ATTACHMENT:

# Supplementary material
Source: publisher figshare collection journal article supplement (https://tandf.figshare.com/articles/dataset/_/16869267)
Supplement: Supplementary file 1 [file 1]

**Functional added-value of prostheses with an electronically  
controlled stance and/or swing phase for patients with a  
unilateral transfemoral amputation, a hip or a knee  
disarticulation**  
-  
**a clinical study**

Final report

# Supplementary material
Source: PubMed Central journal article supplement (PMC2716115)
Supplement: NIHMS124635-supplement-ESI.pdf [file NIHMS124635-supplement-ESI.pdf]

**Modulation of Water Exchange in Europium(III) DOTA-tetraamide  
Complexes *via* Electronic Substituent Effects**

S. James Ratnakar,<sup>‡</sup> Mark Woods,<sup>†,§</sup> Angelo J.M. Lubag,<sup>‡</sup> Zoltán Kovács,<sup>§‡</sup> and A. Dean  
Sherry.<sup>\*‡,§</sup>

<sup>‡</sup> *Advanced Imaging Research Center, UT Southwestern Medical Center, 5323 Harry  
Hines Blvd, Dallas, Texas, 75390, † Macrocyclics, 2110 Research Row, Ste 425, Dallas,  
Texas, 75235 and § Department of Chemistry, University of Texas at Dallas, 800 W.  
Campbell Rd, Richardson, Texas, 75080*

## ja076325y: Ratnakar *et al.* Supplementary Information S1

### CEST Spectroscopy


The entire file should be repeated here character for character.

# Supplementary material
Source: publisher figshare collection journal article supplement (https://tandf.figshare.com/articles/dataset/_/16869267)
Supplement: Supplementary file 1 [file 1]

**Functional added-value of prostheses with an electronically  
controlled stance and/or swing phase for patients with a  
unilateral transfemoral amputation, a hip or a knee  
disarticulation**  
-  
**a clinical study**

Final report

# Supplementary material
Source: PubMed Central journal article supplement (PMC2716115)
Supplement: NIHMS124635-supplement-ESI.pdf [file NIHMS124635-supplement-ESI.pdf]

**Modulation of Water Exchange in Europium(III) DOTA-tetraamide  
Complexes *via* Electronic Substituent Effects**

S. James Ratnakar,<sup>‡</sup> Mark Woods,<sup>†,§</sup> Angelo J.M. Lubag,<sup>‡</sup> Zoltán Kovács,<sup>§‡</sup> and A. Dean  
Sherry.<sup>\*‡,§</sup>

<sup>‡</sup> *Advanced Imaging Research Center, UT Southwestern Medical Center, 5323 Harry  
Hines Blvd, Dallas, Texas, 75390, † Macrocyclics, 2110 Research Row, Ste 425, Dallas,  
Texas, 75235 and § Department of Chemistry, University of Texas at Dallas, 800 W.  
Campbell Rd, Richardson, Texas, 75080*

## ja076325y: Ratnakar *et al.* Supplementary Information S1

### CEST Spectroscopy